The town of Little Compton, Rhode Island, was founded by explorers from Plymouth Colony seeking to expand their settlement along the Massachusetts coastline. The land they chose, situated on a peninsula sticking out into the Atlantic Ocean, was originally named Sakonnet after the local Sogkonnite tribe of Indians.
In 1682, Sakonnet was incorporated by Plymouth Colony and renamed Little Compton. Little Compton became an incorporated town in 1746. Today, Little Compton (population 3,593) is a rural-farming community. It was in Little Compton that the famous Rhode Island Red chicken was developed.
Fishing is still a major industry in the town, as one can observe with the daily departure of the fishing fleet from the Sakonnet Wharf. The town has also developed into a vacation spot, having retained the traditional atmosphere of a seaside New England town due to its isolation.
Wilbor House, headquarters of the Little Compton Historical Society, stands on land purchased from the Sakonnet Indians in 1673. Built by Samuel Wilbore in about 1690, the original house consisted of only two rooms, one above the other, and a cramped stairway and attic, typical of 17th-century New England homes.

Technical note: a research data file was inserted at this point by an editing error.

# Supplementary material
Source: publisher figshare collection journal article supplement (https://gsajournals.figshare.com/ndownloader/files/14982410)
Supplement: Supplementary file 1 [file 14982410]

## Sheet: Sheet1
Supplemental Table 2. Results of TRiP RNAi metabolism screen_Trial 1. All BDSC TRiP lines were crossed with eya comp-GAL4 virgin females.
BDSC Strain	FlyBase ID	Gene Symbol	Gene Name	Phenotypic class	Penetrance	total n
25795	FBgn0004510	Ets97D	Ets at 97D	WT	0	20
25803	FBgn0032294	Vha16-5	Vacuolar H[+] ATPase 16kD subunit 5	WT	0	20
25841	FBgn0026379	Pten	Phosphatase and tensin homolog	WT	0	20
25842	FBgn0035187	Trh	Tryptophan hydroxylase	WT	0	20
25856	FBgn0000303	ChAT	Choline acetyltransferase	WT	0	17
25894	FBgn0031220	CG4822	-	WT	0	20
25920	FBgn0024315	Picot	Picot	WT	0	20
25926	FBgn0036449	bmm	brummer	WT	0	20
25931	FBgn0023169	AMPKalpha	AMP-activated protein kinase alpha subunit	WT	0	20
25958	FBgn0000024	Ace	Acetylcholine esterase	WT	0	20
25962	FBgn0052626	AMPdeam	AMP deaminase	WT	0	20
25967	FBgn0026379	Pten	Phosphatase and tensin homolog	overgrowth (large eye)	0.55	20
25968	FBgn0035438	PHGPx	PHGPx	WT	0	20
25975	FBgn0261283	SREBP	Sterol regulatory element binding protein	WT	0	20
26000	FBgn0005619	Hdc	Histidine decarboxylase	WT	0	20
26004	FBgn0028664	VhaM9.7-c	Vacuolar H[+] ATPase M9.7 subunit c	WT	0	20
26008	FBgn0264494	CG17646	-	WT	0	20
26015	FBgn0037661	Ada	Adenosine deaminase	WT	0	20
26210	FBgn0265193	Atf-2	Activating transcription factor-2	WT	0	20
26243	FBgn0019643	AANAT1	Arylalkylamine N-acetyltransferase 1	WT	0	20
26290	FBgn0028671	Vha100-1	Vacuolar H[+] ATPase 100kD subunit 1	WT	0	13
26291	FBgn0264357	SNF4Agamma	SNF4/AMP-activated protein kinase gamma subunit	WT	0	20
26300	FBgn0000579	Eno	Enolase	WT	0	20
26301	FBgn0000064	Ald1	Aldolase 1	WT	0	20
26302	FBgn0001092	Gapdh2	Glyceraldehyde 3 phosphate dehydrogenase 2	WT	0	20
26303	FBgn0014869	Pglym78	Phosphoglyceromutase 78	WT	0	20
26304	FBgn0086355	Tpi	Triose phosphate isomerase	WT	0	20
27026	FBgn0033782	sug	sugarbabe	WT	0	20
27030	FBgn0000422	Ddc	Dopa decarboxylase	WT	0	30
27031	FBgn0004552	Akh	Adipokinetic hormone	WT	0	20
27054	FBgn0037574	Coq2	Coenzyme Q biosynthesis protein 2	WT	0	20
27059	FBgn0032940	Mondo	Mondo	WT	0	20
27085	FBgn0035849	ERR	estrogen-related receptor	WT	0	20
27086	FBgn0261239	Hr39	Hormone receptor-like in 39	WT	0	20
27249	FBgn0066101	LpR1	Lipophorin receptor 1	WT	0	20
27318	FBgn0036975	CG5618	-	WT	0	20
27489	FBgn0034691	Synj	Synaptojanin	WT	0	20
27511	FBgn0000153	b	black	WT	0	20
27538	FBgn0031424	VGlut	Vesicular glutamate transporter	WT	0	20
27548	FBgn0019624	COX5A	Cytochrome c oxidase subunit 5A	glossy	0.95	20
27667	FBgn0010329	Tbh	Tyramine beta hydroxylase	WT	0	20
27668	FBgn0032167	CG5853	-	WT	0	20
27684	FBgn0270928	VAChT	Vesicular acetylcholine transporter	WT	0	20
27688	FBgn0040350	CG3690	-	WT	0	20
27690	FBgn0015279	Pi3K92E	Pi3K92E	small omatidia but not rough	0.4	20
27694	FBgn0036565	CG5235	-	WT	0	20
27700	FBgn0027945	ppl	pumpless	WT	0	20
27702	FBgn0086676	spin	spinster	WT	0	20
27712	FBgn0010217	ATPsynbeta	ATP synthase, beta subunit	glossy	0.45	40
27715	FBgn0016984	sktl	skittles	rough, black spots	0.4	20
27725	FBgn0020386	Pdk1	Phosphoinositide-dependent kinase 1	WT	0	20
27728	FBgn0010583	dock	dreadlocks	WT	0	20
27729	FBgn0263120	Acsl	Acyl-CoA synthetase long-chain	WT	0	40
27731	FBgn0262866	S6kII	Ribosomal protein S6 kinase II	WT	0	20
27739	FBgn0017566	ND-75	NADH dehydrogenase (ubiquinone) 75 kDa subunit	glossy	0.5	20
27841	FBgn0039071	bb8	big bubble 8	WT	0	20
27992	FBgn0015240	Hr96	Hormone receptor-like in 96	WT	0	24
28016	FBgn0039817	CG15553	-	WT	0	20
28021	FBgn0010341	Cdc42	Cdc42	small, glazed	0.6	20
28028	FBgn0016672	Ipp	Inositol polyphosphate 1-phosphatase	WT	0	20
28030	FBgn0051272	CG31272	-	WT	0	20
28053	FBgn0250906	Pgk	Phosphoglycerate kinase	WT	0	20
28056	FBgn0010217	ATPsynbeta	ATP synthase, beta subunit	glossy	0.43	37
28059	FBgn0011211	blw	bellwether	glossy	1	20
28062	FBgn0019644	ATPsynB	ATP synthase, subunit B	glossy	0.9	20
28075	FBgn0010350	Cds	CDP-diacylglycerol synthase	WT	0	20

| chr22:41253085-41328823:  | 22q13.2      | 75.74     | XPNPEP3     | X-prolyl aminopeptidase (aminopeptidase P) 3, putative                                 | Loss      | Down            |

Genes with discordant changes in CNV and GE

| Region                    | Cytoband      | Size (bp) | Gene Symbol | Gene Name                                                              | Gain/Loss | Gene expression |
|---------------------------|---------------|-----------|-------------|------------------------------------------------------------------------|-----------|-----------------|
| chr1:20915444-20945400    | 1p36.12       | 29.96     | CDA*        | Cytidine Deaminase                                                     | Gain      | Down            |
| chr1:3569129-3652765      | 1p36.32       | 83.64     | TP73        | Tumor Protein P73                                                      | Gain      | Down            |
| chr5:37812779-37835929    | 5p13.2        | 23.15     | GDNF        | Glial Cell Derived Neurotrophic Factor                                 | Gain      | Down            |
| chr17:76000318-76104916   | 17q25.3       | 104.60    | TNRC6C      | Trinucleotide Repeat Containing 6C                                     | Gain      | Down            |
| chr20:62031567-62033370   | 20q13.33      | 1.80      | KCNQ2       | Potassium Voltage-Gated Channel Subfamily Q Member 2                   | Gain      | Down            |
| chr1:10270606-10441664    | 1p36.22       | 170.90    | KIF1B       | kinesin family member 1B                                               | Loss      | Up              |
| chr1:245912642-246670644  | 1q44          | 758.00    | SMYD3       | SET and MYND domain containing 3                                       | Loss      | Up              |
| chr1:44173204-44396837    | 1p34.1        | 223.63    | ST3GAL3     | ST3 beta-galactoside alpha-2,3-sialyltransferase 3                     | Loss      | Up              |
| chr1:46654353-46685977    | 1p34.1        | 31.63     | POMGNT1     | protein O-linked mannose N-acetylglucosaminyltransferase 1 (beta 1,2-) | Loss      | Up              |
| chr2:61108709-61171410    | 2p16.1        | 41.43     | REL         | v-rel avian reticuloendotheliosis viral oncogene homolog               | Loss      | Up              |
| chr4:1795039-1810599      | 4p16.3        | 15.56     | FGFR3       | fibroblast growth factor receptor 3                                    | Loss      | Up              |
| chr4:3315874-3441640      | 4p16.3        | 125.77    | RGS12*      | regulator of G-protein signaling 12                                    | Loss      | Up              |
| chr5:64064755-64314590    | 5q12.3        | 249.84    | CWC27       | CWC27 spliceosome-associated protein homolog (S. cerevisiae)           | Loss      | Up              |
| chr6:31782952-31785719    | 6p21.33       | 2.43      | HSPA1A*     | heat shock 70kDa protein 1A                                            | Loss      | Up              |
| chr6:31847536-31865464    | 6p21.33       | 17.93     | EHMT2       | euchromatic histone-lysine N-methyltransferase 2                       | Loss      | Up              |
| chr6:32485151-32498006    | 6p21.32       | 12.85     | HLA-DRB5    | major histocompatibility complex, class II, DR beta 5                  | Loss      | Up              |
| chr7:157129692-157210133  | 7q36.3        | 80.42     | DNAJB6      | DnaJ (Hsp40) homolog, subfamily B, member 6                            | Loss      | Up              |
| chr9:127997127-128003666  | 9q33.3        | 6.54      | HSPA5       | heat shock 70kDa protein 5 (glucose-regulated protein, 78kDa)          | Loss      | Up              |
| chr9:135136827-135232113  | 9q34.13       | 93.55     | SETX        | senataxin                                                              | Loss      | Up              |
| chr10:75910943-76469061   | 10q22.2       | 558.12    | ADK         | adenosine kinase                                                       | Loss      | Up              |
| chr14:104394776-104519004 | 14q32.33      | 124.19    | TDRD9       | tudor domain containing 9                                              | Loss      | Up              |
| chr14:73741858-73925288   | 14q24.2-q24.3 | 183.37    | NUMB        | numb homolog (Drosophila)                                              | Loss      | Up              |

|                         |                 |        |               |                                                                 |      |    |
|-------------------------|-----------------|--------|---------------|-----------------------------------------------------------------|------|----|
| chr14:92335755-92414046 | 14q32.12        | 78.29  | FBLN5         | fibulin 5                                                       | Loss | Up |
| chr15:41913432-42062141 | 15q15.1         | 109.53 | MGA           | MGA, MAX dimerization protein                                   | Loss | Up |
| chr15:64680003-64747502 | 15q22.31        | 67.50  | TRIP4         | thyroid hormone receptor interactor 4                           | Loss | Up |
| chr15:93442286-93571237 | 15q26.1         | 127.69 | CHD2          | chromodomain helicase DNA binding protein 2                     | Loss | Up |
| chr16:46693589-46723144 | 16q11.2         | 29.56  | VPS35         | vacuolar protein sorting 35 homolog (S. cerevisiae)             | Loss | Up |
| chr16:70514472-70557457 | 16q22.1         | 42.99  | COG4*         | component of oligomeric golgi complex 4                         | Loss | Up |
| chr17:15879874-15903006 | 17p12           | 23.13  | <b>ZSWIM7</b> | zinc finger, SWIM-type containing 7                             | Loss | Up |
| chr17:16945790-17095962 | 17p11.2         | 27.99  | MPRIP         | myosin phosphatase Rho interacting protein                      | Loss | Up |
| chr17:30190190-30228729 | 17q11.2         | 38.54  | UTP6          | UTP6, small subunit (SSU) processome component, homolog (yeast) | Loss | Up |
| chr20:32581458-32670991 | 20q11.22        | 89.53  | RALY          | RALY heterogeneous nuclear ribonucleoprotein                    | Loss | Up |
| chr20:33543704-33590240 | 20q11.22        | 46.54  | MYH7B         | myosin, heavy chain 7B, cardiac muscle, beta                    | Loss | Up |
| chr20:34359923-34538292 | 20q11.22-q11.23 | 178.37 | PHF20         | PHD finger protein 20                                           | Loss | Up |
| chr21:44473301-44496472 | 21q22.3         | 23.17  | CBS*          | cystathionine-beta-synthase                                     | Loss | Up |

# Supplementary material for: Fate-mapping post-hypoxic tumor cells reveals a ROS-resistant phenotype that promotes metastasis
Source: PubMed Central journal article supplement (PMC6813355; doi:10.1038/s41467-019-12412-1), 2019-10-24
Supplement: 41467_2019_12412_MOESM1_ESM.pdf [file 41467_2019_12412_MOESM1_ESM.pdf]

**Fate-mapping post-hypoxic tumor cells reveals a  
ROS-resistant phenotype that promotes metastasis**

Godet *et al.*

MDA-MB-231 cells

Today one unusual feature of Wilbor House is that it spans four centuries and contains rooms representative of each. It is part of a complex, including a barn museum housing farm implements and vehicles, as well as other outbuildings, which interprets the town's history for visitors and residents.
The society, in partnership with the town and local foundations, recently rescued an 18th century barn threatened with destruction, moved it to Little Compton, and refitted it as a state-of-the-art storage facility for historic artifacts. The Little Compton Agricultural Land Trust has received Transportation Enhancement funding for the preservation and restoration of historic agricultural landscapes.
Designated a Preserve America Community in August 2004.